August 1983 The cool air and the long rays of morning sun greeted the three of us as we traveled the long driveway. It took everything in me not to start crying.
“Today’s a great day!” I said, with too much pep in my voice. I wanted to make sure I told him all he needed to know for this special day. “You’ll meet new people and it’ll be terrific!”
We continued to walk, hand in hand as we always had in the past. He stopped, looked up into my eye, and with a sober voice, “It is a great day, right, Mommy?”
Little Sis skipped along singing Great day, It’s gonna be a great day … She had no idea the somberness of this moment. But how could she? How could she know what it felt like to lose a baby into an Unknown World?
What does being courageous look like to you? Enduring a painful divorce? Walking through a frightening diagnosis and illness? Facing the death of a loved one? Finally walking through the pain of your abusive past?
We all can claim our personal fears and imperfections. Finding a voice was one of my greatest struggles. As a child, I wasn’t given the opportunity to freely express my opinions, to disagree, or to ask questions. I was often told what I was supposed to think and given no opportunity to state my fears or defend myself against accusations.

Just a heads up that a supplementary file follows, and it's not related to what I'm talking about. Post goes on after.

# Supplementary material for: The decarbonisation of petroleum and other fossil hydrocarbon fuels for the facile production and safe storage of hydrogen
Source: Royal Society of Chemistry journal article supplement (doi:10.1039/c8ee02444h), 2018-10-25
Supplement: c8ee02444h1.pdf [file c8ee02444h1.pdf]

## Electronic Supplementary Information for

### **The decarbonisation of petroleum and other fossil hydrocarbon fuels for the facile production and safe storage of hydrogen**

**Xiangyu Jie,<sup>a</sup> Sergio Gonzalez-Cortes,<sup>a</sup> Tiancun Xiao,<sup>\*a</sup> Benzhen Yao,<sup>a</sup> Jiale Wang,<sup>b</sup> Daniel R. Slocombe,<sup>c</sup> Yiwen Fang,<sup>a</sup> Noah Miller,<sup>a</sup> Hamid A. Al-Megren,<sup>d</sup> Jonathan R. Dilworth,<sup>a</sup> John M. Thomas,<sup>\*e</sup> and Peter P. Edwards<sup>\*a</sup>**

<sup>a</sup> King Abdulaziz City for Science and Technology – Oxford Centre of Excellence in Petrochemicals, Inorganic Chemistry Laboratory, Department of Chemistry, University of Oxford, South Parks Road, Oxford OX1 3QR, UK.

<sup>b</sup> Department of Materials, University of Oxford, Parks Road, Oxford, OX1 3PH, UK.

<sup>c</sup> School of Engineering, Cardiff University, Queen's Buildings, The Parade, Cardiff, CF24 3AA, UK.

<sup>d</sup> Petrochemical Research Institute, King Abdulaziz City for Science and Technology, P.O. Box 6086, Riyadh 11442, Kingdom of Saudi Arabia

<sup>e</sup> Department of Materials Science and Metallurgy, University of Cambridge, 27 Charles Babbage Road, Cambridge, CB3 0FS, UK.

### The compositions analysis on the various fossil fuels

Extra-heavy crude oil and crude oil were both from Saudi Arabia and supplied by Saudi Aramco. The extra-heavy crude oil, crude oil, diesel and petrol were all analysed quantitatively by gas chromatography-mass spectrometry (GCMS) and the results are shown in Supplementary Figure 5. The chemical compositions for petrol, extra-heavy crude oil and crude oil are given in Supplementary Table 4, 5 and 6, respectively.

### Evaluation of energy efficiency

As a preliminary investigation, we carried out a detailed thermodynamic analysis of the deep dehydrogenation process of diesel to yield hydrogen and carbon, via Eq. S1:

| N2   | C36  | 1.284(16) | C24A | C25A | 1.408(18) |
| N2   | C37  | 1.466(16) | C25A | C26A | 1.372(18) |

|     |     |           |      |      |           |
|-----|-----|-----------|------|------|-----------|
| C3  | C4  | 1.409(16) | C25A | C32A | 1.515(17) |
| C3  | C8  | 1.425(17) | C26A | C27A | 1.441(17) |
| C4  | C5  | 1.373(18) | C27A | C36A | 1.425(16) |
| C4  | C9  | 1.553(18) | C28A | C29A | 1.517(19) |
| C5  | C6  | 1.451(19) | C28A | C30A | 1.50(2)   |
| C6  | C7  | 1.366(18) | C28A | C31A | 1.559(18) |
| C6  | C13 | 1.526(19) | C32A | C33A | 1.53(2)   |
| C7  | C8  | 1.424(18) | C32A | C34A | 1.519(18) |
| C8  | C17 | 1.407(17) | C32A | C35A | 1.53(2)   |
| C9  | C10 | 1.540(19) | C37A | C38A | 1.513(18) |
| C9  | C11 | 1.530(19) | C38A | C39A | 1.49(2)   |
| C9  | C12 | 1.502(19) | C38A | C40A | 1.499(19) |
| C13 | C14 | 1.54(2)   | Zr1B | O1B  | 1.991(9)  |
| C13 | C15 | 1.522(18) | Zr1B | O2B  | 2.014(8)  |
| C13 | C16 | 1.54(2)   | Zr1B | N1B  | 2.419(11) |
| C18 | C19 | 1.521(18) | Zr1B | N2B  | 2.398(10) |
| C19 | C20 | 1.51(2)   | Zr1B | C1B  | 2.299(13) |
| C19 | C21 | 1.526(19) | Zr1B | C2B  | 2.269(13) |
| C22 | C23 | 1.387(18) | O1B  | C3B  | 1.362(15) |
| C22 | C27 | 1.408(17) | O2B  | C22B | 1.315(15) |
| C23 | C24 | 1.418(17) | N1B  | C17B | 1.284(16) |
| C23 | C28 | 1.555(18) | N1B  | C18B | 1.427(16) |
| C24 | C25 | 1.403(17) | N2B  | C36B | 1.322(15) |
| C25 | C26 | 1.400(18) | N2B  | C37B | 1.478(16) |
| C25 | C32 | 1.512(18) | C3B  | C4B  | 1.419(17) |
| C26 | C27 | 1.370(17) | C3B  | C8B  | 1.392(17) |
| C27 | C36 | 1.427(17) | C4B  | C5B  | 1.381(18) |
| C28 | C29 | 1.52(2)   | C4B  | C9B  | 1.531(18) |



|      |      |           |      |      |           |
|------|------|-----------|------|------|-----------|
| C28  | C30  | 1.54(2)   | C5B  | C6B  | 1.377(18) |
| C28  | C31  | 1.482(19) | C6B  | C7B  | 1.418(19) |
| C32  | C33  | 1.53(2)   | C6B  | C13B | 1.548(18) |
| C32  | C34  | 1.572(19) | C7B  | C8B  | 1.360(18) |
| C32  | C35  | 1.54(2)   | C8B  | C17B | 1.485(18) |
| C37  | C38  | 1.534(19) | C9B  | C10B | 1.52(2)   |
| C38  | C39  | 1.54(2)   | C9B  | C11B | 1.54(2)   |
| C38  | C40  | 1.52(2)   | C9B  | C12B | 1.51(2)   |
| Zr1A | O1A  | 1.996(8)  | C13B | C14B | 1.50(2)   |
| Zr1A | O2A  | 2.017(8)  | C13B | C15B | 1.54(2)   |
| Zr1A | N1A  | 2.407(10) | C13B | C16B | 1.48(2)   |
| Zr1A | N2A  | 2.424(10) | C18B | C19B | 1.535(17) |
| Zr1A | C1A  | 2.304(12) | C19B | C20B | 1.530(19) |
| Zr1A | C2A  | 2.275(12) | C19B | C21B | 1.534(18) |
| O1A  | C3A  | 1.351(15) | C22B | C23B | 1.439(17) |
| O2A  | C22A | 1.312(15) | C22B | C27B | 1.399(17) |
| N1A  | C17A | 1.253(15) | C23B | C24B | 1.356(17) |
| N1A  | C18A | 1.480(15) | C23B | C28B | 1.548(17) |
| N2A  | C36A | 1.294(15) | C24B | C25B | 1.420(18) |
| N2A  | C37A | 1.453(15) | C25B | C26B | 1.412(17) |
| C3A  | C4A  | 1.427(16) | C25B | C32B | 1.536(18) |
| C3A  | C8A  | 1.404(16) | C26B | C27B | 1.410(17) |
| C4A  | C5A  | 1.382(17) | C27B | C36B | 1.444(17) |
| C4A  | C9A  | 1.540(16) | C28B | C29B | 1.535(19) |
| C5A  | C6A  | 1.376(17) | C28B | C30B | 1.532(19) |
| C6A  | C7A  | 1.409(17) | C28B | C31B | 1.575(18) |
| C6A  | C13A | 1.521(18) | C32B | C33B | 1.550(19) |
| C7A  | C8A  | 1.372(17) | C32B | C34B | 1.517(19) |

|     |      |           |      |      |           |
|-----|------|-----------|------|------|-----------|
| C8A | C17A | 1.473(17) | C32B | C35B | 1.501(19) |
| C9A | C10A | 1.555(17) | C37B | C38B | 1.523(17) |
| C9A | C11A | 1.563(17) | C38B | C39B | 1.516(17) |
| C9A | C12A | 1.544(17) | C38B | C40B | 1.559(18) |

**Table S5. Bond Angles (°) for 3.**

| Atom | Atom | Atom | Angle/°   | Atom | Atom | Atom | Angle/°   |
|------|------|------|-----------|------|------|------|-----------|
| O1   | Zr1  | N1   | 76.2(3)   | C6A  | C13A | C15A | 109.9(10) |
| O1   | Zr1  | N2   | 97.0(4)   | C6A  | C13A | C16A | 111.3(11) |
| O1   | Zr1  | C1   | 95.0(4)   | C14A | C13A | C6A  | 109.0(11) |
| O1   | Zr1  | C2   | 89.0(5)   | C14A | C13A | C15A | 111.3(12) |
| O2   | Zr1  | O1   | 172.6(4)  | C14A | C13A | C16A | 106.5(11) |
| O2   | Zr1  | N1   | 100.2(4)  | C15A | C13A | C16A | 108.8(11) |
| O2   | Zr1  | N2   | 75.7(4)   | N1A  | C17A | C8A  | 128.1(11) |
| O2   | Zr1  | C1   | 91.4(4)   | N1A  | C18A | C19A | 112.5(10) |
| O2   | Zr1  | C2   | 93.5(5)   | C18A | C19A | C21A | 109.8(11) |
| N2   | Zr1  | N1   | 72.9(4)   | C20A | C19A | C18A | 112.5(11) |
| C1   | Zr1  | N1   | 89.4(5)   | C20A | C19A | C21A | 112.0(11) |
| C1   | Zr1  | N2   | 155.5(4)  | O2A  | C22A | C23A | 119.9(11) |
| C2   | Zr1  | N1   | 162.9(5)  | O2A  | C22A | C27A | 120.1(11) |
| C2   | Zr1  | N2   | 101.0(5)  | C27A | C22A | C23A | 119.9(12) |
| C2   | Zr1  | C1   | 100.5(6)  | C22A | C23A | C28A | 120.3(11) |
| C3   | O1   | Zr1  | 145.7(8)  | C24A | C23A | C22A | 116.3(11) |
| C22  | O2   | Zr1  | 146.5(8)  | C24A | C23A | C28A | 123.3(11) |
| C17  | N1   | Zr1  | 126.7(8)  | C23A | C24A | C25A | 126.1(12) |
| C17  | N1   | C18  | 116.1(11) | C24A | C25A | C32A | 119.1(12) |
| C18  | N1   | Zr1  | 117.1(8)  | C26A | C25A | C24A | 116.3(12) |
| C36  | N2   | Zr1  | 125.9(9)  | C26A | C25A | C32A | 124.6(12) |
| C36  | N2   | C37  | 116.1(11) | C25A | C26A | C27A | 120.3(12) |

Like many people, I learned to protect myself by pleasing others.
So as I moved through my adult years, one aspect of courage for me has been to learn to be comfortable being the perfectly imperfect me. What does this mean? First and foremost, I’m a child of God. Everything about me…
Michelle Counts is my guest blogger today. If you’ve dealt with a brain tumor you will appreciate her story. If you know someone who has a brain tumor, maybe her words will help put circumstances in order. God is the Great Physician and Provider. See how he manifests himself through Michelle’s ordeal.
I had suffered migraines for most of my life, but on February 18, 2015 my trip to the ER proved migraines were the least of my problems. Once at the ER things moved so quickly. Within an hour the CAT scan administered showed I had a large brain tumor and was admitted to the hospital. The next day I met with my neurosurgeon and he told me I had a left parietal occipital baseball size tumor with attachment to the superior sagittal sinus. He scheduled my surgery for February 27th.
On the day of my surgery, I asked God if he would not only see me through my surgery but also wake me quickly so my children wouldn’t worry over their unconscious mother. I took a photo of my beautiful children with me right into the operating room with me, looking at it as they sedated me.
Running up and down steps with ease. That’s the memory from before brain surgery that bothers me the most. I miss that skill. Now I hold on to the rail that offers support. It’s just a bit of support, but I rely on it being there.
Enjoying jigsaw puzzles is another loss I face. When I look at a tabletop covered with 500 pieces of disjointed cardboard and break into a sweat. My mind is filled with chaos and I need to walk literally away from the table.